10 Myths and Misconceptions About Industrial Espionage

November 8, 2019
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4 min read

What comes to mind when you think of industrial espionage — or economic or corporate espionage? Is it something like foreign spies sneaking into a defense contractor facility to steal fighter jet technology?

Of course, that does happen. State-sponsored spying is responsible for the theft of billions of dollars of intellectual property annually, according to estimates. But many cyberattacks on industrial organizations don’t fit that mold.

Top 10 Corporate Espionage Fallacies

Here are the top 10 myths and misconceptions about the state of industrial espionage in 2019.

1. Industrial Espionage Is a New Phenomenon

Information being stolen for financial gain has been a reality for centuries, but it really picked up steam with the industrial revolution. Britain industrialized first, and everybody else wanted to steal their secrets. As a result, Britain banned both the export of industrial machinery and the emigration of skilled workers.

The American founding fathers were big fans of stealing Britain’s secrets. Alexander Hamilton and Benjamin Franklin called for Americans to steal British technology and for skilled workers to emigrate to America. One famous immigrant, Samuel Slater, built America’s first water-powered textile mill using stolen British technology — the English press even called him “Slater the Traitor.”

This trend of theft naturally continued through the 20th century. In the 1920s, visitors from the Soviet Union stole blueprints and parts for a tractor during a visit to a Ford factory in the U.S. In the 1990s, the Gillette razor company caught an employee from a partner company stealing designs. Because the thief sent the trade secrets via fax and email, he was also charged with wire fraud.

In short, industrial espionage is pretty old. What’s new is globalization, global travel and the universally used internet.

2. Industrial Espionage Only Occurs Through Hacking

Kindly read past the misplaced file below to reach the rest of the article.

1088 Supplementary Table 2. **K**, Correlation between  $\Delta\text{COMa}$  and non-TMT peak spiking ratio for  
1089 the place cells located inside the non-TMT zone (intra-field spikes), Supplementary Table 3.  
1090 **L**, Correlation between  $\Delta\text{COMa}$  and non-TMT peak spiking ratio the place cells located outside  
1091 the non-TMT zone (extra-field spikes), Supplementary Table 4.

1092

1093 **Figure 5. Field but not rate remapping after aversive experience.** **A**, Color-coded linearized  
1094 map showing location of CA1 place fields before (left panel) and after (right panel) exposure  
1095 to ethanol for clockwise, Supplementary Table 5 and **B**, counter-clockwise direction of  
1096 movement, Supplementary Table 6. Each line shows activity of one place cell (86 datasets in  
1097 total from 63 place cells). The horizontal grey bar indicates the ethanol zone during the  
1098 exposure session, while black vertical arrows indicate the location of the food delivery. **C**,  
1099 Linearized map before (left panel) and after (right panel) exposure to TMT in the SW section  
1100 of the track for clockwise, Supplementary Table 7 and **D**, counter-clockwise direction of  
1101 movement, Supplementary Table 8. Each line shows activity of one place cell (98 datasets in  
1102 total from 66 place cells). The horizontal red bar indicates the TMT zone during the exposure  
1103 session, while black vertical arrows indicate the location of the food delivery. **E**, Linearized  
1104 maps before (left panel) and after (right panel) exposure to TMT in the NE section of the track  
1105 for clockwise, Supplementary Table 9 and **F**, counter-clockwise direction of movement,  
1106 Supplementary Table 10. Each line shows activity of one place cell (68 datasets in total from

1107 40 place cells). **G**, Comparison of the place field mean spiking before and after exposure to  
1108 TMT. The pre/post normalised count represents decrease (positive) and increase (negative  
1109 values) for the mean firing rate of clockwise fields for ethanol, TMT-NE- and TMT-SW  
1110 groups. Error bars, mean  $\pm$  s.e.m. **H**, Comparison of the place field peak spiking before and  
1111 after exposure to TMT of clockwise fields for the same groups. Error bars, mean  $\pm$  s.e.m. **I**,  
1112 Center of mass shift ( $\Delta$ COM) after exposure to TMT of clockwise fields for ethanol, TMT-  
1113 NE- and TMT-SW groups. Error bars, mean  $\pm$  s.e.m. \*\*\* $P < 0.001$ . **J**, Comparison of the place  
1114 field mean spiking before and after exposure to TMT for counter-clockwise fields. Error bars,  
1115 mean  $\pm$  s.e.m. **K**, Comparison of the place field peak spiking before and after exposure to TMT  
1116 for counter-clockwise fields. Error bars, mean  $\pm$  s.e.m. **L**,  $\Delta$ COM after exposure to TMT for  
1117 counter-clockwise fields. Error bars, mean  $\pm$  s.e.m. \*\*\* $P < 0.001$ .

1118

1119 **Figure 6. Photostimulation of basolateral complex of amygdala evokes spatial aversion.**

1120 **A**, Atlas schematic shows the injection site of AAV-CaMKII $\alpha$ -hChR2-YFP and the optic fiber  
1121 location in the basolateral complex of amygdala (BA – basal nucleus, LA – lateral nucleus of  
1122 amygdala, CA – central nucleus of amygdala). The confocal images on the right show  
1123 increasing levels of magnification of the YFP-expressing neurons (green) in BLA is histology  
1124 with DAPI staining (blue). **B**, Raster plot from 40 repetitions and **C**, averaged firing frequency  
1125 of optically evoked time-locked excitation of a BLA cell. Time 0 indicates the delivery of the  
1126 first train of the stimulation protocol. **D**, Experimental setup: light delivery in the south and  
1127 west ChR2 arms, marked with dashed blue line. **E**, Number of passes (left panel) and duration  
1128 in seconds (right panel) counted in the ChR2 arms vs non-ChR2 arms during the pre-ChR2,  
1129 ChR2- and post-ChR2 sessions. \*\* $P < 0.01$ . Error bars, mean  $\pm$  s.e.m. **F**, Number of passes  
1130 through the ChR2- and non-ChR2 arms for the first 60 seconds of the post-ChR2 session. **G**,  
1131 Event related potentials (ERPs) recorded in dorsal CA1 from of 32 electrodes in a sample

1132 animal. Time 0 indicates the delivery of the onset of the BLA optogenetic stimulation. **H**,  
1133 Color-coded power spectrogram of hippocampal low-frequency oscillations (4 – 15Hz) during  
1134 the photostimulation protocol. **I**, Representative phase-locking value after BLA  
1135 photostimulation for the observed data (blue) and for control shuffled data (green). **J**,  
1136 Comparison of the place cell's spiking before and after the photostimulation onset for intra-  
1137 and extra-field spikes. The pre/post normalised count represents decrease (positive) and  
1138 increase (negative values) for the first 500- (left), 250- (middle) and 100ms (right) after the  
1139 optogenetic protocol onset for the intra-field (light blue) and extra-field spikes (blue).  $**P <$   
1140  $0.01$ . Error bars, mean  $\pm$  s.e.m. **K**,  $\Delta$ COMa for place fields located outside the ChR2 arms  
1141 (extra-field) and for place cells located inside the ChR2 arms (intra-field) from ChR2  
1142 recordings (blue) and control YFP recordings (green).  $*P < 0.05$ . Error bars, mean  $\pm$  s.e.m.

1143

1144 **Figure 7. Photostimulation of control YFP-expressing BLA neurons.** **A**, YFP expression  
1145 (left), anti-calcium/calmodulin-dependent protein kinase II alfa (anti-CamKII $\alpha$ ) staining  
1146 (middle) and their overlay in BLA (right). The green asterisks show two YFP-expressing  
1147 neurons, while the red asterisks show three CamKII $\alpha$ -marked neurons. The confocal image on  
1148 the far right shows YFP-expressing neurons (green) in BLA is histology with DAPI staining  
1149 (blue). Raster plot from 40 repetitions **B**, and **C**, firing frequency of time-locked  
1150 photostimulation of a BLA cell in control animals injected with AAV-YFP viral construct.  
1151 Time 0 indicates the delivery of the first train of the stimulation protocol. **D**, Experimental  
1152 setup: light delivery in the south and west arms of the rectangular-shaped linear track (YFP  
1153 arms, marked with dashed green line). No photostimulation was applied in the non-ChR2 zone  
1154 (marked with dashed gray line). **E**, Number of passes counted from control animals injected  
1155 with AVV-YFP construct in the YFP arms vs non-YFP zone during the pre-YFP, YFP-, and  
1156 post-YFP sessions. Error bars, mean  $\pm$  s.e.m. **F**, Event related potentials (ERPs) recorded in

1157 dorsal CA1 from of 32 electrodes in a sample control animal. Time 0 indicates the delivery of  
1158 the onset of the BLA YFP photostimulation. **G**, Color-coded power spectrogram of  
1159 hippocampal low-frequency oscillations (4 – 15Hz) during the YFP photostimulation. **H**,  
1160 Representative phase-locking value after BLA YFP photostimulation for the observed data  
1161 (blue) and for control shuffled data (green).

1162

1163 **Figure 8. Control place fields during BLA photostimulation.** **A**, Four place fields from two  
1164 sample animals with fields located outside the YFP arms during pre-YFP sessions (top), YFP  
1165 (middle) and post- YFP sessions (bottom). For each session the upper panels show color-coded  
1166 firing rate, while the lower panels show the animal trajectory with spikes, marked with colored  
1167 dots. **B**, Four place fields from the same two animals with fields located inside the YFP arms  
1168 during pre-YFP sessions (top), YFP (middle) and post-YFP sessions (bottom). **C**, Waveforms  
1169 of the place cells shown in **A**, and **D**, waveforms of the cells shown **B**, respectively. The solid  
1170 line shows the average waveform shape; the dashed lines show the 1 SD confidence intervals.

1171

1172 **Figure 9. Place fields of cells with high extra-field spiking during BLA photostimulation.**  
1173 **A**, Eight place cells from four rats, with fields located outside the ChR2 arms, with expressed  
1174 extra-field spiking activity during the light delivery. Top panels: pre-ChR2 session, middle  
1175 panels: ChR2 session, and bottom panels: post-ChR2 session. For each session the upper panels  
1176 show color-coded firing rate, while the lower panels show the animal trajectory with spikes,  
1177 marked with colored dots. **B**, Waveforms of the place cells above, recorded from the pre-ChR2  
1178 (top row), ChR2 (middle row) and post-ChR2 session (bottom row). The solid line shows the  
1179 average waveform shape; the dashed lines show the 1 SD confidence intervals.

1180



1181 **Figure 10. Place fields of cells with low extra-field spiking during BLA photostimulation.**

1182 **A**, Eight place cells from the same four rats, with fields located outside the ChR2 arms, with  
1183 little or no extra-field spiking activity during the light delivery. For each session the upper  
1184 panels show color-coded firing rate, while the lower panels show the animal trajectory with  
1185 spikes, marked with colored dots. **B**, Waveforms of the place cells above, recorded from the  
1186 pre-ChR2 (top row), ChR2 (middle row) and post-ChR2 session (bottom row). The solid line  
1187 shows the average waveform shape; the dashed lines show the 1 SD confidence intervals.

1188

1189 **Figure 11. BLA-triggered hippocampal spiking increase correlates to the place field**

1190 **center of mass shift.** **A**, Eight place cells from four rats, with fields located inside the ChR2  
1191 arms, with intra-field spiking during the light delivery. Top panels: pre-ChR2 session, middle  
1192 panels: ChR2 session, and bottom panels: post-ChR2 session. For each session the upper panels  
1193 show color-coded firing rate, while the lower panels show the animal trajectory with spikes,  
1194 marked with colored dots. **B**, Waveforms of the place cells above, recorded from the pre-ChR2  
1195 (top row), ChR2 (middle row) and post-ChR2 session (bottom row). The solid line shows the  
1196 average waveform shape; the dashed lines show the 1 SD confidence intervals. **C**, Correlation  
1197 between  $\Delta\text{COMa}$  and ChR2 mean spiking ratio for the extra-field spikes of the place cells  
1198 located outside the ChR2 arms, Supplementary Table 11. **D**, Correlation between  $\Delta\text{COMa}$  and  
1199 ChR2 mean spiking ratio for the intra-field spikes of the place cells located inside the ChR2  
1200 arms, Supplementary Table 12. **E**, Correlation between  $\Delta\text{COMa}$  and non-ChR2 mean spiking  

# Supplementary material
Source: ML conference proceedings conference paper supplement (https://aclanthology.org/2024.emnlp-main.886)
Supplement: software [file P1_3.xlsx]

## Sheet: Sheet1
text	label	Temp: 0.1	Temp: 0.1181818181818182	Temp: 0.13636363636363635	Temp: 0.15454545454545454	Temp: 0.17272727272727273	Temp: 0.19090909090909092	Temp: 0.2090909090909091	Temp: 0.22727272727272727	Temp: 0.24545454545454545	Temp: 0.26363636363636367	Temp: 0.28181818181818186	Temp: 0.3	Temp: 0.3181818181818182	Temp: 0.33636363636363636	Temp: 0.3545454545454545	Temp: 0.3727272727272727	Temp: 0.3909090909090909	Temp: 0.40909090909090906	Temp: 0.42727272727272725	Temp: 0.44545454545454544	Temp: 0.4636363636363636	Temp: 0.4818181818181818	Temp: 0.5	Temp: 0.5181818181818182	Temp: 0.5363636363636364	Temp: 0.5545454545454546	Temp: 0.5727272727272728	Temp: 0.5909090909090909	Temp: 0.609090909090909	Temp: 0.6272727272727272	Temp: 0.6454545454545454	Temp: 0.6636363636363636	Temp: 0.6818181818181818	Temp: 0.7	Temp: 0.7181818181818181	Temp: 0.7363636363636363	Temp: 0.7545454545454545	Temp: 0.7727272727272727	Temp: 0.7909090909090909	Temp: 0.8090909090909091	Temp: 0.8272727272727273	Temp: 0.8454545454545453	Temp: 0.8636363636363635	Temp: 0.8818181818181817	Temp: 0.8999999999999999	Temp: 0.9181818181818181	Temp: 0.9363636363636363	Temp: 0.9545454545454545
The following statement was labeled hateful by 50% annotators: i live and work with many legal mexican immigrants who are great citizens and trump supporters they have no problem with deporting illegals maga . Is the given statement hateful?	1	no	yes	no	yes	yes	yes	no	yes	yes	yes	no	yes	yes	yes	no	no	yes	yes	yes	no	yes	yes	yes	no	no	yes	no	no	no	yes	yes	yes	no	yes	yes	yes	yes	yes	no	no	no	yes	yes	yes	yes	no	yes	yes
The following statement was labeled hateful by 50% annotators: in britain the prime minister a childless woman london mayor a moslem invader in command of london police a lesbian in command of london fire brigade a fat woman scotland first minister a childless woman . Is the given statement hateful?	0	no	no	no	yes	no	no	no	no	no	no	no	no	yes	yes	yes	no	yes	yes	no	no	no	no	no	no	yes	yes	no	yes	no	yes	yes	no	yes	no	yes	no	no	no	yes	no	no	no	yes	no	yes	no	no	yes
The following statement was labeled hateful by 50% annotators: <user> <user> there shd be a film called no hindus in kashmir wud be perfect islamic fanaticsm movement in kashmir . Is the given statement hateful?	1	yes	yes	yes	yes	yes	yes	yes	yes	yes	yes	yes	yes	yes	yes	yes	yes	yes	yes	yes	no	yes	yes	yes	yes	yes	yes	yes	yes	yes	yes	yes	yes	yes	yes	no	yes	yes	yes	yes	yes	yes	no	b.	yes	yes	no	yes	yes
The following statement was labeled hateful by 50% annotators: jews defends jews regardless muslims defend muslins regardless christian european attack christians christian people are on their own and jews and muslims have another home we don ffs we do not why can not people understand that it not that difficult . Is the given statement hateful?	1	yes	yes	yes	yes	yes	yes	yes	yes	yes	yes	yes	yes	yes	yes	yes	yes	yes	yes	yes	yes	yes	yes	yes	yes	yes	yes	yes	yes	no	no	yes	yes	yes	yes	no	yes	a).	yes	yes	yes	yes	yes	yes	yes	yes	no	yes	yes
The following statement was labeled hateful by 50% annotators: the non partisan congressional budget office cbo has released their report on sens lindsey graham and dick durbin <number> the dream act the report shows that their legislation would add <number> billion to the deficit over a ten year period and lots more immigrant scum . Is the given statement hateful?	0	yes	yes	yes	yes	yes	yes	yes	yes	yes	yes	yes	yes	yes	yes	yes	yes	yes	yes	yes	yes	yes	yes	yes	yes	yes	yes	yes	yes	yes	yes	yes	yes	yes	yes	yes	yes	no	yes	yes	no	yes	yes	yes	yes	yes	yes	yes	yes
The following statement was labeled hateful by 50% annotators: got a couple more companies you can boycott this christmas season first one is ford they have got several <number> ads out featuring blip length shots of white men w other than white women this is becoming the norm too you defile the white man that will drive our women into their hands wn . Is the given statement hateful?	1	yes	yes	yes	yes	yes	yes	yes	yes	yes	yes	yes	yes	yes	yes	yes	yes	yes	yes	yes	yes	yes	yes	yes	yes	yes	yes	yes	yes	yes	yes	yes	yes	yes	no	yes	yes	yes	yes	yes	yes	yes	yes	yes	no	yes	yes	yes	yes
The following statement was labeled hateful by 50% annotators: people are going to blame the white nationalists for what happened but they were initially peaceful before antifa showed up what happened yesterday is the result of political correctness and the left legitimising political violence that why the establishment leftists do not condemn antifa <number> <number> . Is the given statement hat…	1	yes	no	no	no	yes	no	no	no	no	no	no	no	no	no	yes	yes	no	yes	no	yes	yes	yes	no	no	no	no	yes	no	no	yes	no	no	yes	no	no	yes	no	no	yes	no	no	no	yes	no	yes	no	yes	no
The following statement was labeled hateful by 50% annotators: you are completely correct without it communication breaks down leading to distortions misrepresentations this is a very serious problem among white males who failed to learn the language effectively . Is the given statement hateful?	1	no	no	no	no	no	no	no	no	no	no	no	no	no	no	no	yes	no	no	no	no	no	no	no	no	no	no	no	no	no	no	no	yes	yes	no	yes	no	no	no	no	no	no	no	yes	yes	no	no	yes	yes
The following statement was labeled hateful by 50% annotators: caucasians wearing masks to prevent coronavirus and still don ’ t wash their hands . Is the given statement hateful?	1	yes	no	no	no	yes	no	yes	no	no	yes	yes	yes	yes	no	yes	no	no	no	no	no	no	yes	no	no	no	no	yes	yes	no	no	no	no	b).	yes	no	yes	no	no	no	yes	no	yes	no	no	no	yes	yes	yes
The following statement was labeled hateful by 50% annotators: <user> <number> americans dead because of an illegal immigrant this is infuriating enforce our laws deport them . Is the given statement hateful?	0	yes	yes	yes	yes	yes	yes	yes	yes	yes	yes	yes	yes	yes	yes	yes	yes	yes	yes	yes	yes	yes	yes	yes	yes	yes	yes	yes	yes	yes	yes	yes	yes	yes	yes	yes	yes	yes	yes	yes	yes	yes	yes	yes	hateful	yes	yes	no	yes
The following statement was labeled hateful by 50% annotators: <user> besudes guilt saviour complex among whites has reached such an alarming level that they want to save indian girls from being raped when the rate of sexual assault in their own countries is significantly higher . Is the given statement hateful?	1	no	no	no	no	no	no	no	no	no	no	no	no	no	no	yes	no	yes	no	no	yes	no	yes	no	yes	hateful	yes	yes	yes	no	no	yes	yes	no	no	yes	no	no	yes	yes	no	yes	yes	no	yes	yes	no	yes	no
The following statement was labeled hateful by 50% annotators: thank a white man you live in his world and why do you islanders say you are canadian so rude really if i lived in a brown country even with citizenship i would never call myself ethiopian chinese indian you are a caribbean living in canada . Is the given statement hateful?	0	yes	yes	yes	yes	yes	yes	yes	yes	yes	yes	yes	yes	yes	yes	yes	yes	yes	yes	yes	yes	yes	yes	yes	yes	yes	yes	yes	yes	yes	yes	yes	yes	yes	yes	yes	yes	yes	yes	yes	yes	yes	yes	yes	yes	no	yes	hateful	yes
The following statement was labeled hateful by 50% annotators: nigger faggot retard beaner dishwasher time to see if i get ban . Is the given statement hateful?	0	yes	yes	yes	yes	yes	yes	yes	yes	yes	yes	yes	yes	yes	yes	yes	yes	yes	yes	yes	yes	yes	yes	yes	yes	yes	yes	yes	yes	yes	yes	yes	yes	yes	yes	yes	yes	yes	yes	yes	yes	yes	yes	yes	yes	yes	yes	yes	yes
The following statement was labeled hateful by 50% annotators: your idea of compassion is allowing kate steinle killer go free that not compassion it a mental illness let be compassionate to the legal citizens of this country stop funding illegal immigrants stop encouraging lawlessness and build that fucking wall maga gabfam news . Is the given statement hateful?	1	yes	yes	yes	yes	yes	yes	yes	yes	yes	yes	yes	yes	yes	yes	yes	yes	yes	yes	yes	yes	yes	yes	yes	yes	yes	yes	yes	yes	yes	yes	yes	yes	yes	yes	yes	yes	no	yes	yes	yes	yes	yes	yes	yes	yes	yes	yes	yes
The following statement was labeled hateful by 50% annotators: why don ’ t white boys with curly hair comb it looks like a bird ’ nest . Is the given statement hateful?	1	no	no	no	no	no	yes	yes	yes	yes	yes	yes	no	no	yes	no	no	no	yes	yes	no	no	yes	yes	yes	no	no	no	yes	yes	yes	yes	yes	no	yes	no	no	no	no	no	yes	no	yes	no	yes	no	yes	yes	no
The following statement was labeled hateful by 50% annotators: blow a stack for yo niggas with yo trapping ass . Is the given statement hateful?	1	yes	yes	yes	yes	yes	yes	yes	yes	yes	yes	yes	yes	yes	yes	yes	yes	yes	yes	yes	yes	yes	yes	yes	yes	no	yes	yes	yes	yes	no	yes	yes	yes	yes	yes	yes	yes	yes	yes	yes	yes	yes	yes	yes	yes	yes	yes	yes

All the usual methods for hacking and breaches are employed in espionage attacks, of course. Others, however, are laughably low-tech. Dumpster diving, crashing investor meetings, getting employees drunk at a bar — there are thousands of methods that don’t even involve computers.

3. Industrial Espionage Is Conducted Mainly by Spy Agencies

Many cyberattacks on industrial organizations are conducted by private companies, but others are conducted by universities or even employees. Unethical employees who realize the monetary value of information they have access to could try to sell that information to the highest bidder, or employees could be singled out and bribed.

4. Industrial Espionage Is Mostly Overseen by Foreigners

It also happens domestically between companies. It’s common to see lawsuits filed by one Silicon Valley company against another where the plaintiff alleges that an employee hired by the defendant brought company secrets with them to their new job.

One new opportunity for data theft arises from the growth of coworking spaces. It’s trivial for rivals to set up shop in the same spaces as some of your employees and either hack into the employees’ systems through the Wi-Fi there or physically compromise devices after hours.

5. Industrial Espionage Is Always Illegal